Since the 1990s, about 30% of the nation's county farms have been sold off. But other counties, such as Cornwall, Hertfordshire and Gloucestershire, are maintaining their estates and are proud of the fact. They continue to provide a wide range of opportunities, from 200-acre dairy farms to 15-acre smallholdings producing vegetables or pork, and one-acre plots for retired farmers.
Hertfordshire has produced a report on its farms estate, entitled A Century of Achievement, which provides a history of the estate, and announces a 50-year masterplan for its future management. "The keen demand for tenancies," it states, citing a farm up for rent that attracted 80 inquiries and 17 applicants, "can be seen as a litmus test for people's continued enthusiasm for small-scale farming…The tenancy of a county council farm is now virtually the only opportunity for anyone with limited means to become a self-employed farmer".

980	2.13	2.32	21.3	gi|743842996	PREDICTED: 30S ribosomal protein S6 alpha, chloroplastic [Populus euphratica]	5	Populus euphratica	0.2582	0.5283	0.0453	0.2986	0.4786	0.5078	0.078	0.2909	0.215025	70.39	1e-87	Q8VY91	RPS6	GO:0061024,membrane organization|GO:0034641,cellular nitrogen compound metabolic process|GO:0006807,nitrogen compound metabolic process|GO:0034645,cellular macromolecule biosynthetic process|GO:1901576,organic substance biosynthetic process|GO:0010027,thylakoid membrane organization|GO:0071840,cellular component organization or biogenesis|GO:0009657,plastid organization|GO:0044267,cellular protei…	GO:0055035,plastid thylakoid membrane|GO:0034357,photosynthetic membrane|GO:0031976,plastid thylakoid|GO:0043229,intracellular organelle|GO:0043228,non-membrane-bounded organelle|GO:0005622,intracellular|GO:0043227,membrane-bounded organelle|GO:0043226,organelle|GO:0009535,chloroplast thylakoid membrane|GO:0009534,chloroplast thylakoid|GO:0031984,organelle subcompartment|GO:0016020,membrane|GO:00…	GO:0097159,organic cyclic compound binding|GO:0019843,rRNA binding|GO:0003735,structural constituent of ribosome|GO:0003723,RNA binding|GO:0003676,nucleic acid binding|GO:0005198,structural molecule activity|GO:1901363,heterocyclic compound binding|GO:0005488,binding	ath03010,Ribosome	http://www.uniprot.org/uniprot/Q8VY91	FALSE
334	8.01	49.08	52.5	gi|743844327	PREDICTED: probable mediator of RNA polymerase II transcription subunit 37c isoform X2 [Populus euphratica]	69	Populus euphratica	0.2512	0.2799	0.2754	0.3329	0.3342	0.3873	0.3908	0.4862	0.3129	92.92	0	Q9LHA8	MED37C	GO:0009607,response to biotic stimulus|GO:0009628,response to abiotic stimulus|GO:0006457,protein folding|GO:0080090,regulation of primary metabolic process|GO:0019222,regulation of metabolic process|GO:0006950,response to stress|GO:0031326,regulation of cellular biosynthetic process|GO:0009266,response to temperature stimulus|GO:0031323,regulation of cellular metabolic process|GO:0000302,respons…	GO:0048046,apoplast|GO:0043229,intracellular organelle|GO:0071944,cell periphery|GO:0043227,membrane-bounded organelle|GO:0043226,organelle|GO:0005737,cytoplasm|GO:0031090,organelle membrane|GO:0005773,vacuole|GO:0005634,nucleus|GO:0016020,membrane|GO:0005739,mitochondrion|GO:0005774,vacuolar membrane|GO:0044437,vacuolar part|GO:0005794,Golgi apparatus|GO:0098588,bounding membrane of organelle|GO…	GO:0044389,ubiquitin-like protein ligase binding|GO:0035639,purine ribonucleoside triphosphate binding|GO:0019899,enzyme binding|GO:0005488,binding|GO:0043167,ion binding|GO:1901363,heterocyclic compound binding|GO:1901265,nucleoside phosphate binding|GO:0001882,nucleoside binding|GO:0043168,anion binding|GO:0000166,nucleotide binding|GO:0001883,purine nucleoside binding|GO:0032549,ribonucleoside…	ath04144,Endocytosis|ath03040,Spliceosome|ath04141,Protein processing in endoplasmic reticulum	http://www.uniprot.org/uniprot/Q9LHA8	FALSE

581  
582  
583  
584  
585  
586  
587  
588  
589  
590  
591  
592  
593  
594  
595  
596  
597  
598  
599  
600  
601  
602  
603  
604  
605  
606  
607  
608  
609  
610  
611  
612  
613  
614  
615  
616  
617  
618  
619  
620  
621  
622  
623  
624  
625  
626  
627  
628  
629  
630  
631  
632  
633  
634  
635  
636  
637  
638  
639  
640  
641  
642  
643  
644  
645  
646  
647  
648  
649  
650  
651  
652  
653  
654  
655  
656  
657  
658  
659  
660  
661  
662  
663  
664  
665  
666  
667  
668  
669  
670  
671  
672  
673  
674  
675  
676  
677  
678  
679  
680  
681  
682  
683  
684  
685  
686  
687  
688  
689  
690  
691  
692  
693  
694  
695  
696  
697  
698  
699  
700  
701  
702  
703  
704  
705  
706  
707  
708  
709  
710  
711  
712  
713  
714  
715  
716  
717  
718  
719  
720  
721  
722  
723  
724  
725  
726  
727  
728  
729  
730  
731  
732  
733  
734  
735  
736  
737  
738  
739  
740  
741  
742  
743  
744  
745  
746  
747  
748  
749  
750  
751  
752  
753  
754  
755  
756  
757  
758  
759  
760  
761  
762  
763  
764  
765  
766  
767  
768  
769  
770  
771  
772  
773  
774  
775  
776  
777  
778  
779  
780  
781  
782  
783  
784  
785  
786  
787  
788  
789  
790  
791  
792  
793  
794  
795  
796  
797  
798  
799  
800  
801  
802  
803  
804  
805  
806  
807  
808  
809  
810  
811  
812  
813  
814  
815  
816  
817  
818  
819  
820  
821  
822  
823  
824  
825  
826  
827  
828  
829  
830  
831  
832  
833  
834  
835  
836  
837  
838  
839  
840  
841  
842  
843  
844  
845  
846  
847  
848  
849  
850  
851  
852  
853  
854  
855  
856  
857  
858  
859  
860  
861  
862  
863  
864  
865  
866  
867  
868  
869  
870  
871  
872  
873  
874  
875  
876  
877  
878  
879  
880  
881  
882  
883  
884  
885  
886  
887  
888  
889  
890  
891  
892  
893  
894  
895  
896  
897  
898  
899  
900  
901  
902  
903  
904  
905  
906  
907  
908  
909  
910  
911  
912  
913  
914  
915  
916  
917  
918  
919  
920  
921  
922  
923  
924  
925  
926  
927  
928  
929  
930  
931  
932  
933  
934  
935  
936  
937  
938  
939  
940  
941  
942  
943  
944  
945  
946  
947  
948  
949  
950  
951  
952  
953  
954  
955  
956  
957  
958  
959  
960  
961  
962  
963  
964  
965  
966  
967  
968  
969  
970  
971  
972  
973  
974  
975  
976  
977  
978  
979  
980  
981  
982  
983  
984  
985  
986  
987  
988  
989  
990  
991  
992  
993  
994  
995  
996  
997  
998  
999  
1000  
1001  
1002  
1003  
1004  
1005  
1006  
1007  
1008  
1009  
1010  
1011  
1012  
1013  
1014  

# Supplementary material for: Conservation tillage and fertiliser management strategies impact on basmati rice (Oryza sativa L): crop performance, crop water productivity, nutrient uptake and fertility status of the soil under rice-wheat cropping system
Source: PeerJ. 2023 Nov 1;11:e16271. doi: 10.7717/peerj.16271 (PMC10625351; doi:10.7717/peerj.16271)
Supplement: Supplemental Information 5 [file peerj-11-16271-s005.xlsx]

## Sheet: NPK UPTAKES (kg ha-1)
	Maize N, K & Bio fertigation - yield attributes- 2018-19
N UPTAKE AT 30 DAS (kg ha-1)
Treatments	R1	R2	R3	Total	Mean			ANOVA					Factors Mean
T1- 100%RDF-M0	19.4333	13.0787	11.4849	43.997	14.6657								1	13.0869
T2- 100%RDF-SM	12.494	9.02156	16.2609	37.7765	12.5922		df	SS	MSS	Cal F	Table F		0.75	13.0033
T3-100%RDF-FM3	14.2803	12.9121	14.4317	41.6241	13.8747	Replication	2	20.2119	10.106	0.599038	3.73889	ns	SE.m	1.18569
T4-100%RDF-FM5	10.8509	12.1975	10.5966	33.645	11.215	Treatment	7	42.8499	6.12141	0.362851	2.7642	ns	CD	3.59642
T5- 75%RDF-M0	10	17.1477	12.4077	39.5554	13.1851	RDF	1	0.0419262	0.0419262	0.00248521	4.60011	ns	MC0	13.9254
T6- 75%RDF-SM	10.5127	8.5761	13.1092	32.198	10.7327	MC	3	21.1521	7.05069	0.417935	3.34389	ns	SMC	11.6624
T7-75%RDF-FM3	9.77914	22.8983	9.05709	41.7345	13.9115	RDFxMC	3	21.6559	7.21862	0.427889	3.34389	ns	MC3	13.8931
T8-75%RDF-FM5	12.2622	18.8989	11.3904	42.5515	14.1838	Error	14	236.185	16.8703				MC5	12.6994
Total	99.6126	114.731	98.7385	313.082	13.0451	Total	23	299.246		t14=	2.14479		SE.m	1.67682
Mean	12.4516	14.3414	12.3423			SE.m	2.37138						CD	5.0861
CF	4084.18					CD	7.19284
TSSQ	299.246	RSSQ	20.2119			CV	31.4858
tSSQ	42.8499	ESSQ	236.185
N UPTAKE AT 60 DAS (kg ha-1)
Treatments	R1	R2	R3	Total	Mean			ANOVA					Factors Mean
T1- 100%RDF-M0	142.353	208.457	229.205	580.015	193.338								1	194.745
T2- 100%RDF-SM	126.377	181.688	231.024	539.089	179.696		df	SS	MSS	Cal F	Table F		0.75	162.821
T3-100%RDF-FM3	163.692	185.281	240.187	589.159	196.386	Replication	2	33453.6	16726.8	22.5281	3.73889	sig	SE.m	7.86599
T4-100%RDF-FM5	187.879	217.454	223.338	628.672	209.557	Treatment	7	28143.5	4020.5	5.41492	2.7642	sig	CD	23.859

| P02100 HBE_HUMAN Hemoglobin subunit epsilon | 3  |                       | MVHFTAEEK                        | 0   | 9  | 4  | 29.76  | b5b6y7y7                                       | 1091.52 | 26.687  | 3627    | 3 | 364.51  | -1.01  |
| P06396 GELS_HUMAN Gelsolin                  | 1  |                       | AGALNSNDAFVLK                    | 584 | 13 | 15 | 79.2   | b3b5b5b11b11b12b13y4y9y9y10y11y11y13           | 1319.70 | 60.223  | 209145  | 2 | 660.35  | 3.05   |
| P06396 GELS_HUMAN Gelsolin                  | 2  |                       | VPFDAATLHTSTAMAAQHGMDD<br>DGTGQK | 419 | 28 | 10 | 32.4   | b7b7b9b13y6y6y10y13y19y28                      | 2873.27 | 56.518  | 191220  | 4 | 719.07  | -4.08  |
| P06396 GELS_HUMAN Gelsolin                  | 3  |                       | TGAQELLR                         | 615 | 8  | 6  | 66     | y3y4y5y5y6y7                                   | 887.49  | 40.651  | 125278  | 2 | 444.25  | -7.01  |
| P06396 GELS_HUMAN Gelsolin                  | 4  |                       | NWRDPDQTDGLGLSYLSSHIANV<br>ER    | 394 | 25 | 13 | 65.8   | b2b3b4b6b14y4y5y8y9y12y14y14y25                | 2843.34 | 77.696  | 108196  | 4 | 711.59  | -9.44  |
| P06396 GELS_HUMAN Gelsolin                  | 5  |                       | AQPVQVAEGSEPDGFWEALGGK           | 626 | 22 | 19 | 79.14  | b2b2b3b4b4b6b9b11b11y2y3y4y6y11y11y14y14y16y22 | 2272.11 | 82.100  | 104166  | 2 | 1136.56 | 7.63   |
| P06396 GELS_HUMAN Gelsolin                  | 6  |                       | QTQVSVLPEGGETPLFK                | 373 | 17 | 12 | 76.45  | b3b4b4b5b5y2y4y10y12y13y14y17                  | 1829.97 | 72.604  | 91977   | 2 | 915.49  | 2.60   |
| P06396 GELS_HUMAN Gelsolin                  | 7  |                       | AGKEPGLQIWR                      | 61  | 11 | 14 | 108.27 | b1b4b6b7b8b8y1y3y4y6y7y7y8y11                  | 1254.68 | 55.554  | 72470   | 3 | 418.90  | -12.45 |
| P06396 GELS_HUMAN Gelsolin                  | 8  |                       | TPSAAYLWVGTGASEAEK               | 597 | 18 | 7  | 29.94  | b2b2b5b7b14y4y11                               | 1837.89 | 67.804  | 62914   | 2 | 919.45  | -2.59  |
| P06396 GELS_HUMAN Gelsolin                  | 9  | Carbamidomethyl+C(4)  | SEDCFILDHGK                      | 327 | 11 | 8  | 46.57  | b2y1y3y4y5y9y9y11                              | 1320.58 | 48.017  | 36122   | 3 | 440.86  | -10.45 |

Hertfordshire's 10,000-acre estate makes a profit for the county council of around £300,000 per year.
Other counties are strengthening links between their farms and local communities, including schools. Gloucestershire, which boasts six farm shops and a cheesemaker, offers a rent rebate to farmers who pursue collaborative food or diversification enterprises.
This is the sort of approach Macartney would like to see in Somerset. He points out that the local authorities' websites are overflowing with support for local foods. "If the council supports this concept, why doesn't it hold Balham Hill Farm up as a model, rather than breaking it up," he says. According to Somerset's farm estate manager, Graham Parsons, county farms need to be sold because of the "dire and worrying viability issue ... Farming at the bottom end of the size scale, as is the case with County Farm tenants, is extremely financially challenging. Few of our tenants are earning a viable livelihood from their farming operations."